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From swastika selfies to lessons on Nazism
In a photo provided by Tamara Leigh, an exhibit on Nazism at the Los Angeles Museum of the Holocaust. Deeply worried by the surge in episodes of anti-Semitism, Holocaust and Jewish museums are working to develop programs and exhibitions that underscore the insidious nature of prejudice, whether toward Jews, blacks, Muslims or other minority groups. Tamara Leigh via The New York Times.

by Geraldine Fabrikant



NEW YORK (NYT NEWS SERVICE).- “Symbols of Hate” at the Los Angeles Museum of the Holocaust had an unexpected beginning.

A group of high school students partying in Newport Beach, California, used red paper cups to create a swastika. They then saluted it, took selfies and circulated them on social media. The episode last March enraged some members of the community and inspired a torrent of news stories.

Concerned that the students knew little about the history of Nazism, a Holocaust scholar subsequently arranged for them to visit the museum, where they met Beth Kean, its chief executive. The show was prompted by her impression that their knowledge of Nazism was limited.

Kean is not alone in her efforts.

Deeply worried by the surge in episodes of anti-Semitism — the number more than doubled in the United States in 2018 over 2015, according to the Anti-Defamation League — Holocaust and Jewish museums are working to develop programs and exhibitions that underscore the insidious nature of prejudice, whether toward Jews, blacks, Muslims or other minority groups.

“Many of our nation’s Holocaust and Jewish museums are taking on the renewed responsibility of strengthening contemporary understanding of what American Jews are facing today,” said Melissa Yaverbaum, executive director of the Council of American Jewish Museums.

Some museums are getting either direct or indirect support from state governments. Last July, Gov. Gavin Newsom of California earmarked $6 million for an expansion of the Los Angeles Museum of the Holocaust. Eleven states, including Oregon, now require Holocaust education, according to the Anti-Defamation League. Even in states where those laws do not exist, schools are turning to museums for help.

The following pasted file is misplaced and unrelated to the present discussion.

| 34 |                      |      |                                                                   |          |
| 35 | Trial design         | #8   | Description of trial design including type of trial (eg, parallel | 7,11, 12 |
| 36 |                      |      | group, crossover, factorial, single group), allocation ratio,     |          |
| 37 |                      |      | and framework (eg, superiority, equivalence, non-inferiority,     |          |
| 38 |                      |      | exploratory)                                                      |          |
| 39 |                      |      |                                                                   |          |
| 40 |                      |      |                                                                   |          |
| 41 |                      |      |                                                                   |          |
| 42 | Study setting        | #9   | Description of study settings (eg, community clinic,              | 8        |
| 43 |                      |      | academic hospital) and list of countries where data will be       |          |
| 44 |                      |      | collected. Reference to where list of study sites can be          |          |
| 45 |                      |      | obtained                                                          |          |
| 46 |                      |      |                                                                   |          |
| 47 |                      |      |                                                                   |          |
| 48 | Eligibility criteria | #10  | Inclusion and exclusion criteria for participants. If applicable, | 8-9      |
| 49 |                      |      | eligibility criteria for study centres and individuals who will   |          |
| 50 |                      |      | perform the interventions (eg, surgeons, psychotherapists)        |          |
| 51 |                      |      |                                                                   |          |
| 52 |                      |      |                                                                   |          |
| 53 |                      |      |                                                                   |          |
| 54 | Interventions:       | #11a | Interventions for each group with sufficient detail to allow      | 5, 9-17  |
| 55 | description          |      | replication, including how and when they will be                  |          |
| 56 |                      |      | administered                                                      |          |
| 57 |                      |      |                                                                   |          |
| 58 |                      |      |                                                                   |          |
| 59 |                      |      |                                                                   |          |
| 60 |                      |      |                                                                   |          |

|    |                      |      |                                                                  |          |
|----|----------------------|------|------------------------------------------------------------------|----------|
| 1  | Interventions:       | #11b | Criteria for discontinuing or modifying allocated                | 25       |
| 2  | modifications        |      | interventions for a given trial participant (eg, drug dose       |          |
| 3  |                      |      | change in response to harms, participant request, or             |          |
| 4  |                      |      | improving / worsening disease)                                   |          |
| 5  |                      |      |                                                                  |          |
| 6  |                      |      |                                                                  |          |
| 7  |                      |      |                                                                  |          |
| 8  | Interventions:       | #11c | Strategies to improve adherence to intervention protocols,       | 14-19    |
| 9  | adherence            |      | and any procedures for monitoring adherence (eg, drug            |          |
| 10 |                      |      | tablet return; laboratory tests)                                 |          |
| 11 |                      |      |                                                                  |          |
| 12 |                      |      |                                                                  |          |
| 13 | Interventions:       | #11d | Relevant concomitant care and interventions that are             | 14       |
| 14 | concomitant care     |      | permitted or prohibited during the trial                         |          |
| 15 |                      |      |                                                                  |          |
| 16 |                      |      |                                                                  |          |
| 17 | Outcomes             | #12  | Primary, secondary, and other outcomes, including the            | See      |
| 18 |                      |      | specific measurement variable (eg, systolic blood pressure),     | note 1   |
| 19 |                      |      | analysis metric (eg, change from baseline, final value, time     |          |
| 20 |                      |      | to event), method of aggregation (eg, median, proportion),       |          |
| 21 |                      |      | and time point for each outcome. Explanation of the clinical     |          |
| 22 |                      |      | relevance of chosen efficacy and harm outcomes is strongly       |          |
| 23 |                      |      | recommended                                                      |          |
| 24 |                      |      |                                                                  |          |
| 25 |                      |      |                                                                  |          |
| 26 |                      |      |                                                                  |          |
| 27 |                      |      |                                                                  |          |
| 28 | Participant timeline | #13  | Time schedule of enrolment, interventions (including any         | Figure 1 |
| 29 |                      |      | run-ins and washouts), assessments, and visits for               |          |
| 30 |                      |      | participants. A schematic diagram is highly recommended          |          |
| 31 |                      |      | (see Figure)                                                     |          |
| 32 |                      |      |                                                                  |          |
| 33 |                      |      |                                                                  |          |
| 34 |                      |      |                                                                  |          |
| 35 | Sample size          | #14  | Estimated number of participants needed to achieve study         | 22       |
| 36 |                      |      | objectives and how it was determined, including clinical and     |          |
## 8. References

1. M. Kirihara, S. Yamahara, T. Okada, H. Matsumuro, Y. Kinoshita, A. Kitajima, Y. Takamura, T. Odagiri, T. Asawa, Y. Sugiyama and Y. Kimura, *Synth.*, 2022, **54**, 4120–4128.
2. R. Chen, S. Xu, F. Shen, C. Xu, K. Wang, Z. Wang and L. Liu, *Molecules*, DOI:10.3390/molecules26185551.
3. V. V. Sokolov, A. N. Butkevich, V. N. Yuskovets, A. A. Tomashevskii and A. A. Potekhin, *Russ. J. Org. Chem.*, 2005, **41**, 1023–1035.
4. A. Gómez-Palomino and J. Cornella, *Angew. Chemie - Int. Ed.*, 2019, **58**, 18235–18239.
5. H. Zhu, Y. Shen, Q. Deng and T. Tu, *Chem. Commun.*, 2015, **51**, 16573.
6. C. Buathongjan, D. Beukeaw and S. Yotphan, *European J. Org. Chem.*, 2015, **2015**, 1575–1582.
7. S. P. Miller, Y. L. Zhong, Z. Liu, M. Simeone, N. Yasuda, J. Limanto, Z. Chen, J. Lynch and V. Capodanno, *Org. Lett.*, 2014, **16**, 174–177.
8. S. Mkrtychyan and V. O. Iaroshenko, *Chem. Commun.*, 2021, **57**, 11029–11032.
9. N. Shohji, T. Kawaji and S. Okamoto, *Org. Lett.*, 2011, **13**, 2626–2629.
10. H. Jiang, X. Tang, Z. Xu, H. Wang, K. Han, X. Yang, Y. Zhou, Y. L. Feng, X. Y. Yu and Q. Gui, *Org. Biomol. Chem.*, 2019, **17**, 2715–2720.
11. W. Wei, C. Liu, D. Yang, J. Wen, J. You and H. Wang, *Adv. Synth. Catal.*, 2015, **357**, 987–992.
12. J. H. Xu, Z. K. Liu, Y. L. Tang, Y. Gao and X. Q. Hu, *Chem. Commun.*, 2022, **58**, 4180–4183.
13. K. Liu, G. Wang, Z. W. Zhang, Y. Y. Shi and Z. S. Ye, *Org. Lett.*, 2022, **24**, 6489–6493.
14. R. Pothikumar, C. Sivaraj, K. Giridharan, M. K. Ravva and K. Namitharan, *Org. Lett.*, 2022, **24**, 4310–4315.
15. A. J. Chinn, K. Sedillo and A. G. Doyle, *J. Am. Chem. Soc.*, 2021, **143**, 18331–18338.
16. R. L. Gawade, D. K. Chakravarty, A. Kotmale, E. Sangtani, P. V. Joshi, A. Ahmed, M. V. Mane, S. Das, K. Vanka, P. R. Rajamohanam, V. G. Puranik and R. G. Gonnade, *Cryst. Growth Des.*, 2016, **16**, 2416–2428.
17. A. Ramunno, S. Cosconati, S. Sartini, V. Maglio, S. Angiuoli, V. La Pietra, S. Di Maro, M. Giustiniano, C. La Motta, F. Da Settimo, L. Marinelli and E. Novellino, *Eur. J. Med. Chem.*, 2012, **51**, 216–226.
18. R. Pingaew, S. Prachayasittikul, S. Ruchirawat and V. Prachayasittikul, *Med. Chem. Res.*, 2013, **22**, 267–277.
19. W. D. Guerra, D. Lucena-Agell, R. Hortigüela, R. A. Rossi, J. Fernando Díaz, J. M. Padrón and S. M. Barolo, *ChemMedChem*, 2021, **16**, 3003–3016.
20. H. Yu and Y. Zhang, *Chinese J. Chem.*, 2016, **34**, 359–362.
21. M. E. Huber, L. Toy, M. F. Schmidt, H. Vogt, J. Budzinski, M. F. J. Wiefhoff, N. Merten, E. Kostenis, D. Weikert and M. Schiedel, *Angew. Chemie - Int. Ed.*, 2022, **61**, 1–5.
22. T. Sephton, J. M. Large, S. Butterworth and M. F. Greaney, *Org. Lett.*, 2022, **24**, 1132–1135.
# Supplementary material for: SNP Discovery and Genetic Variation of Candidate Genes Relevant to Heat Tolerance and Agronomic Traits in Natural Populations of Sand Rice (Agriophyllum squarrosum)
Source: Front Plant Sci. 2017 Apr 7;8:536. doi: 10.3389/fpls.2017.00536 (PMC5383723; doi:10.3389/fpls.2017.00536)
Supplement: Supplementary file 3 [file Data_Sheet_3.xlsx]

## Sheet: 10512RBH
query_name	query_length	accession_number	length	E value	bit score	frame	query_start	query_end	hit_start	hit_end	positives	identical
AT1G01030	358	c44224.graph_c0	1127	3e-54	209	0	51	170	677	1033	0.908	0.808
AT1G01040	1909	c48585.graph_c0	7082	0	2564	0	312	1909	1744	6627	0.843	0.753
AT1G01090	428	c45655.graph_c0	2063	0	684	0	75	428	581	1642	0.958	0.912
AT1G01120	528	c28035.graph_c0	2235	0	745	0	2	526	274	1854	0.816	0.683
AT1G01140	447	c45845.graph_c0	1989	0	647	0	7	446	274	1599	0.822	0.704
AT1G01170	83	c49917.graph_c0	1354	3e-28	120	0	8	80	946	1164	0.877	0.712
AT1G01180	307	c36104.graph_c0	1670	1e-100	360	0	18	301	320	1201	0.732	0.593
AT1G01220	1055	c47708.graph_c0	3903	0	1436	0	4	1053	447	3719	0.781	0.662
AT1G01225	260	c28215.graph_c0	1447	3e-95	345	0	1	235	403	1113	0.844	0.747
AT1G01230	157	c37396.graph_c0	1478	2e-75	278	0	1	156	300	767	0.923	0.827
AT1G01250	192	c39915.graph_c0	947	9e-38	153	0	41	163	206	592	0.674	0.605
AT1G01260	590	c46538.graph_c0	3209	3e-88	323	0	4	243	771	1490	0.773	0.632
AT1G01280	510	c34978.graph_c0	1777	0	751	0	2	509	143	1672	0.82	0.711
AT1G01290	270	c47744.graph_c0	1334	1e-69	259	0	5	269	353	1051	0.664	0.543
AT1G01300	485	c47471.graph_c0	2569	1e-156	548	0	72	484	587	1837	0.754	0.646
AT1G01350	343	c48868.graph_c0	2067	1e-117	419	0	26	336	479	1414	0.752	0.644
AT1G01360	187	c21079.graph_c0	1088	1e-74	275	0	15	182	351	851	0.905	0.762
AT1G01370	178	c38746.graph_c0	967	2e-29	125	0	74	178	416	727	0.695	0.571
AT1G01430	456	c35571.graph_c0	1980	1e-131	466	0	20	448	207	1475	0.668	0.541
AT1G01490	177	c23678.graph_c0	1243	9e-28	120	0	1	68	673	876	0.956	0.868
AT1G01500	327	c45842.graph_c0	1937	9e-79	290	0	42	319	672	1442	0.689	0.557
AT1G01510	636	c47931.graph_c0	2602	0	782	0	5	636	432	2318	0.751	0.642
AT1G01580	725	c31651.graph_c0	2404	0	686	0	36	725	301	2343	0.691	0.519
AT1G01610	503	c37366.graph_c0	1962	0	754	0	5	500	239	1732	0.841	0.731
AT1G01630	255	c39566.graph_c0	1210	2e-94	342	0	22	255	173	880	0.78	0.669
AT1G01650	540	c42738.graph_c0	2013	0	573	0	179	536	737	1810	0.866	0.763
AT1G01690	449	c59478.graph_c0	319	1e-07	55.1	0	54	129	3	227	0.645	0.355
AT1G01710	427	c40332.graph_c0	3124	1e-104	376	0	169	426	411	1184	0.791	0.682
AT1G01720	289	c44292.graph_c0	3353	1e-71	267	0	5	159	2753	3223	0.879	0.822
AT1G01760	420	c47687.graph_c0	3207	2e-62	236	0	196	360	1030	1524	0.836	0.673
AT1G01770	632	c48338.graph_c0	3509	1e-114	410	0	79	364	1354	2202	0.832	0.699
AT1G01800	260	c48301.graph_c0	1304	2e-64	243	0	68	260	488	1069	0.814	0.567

“We know that there is a need and increased curiosity about the Holocaust,” Yaverbaum said. “Audiences are responding, and we hope it will make a difference.”

Kean says her museum collects feedback from teachers to learn how students responded, and she believes the visits do.

In Tucson, Arizona, the Jewish History Museum has taken on what its executive director, Bryan Davis, called a multifaceted approach. “We are looking outward to build coalitions,” he said.

In January the museum organized a rally — called “No Hate, No Fear” — with the neighboring Prince Chapel African Methodist Episcopal Church. The speakers included Davis, the Prince Chapel’s pastor, the outreach director for the city’s Islamic Center and the deputy consul of Mexico in Tucson.

“We have had these relationships for decades, but the current events have given our mandate a new urgency,” Davis said.

Kelley Szany, president of the Illinois Holocaust Museum and Education Center, said it had seen a 90% increase over the past year in queries on how to respond to hate and anti-Semitism.

“All of the calls have come from schools where there have been anti-Semitic or anti-black incidents,” she said.

So the museum, which is in Skokie, created a tool kit that aims to teach about the Holocaust and explore students’ roles as citizens. “We are tying the resources of our museums to how to educate students to turn positive lessons of history into positive actions today,” Szany said.

In its Take a Stand Center, the museum also has mounted an Upstander Gallery highlighting 40 people known for working toward civil, social, health and environmental rights. They include Bryan Stevenson, creator of the Equal Justice Initiative, a human rights organization in Alabama; Malala Yousafzai, a Pakistani activist for female education; and Rabbi Stephen S. Wise, a leader in the struggle to marshal Americans against Hitler in the 1930s.

“‘Upstanders’ is a term that has become popular in the education field and the museum world,” Szany said. “It is more accessible to encourage people to be ‘upstanders’ rather than heroes.”

In general, museum officials say their social media pages are drawing increased support. The United States Holocaust Memorial Museum in Washington gets 1.7 million visitors a year. Its social media audience is more than 1.25 million, a 162% increase since January 2018. It has long followed a mandate to help explain how and why the Holocaust happened.

“Our lessons are rooted in the idea that hate is a virus and once you allow it, it spreads,” said Sara J. Bloomfield, the museum’s director.

Its exhibitions are aimed at reminding people that Nazism alone could not have perpetrated the Holocaust. “The goal is to make people think about their own role in society,” Bloomfield said.

Of its visitors, 24% are schoolchildren, according to research done for the museum.

Although contemporary Jewish museums have always been focused on Holocaust education, they are reacting assertively to recent political events and a rise in far-right extremism.

“Even before Pittsburgh, we were intensifying our program,” said Judy Margles, director at the Oregon Jewish Museum and Center for Holocaust Education, referring to the shooting deaths in 2018 of 11 people at the Tree of Life synagogue in Pittsburgh. “We trace our intensification to the election of President Trump and the heating up of rhetoric.”

© 2020 The New York Times Company










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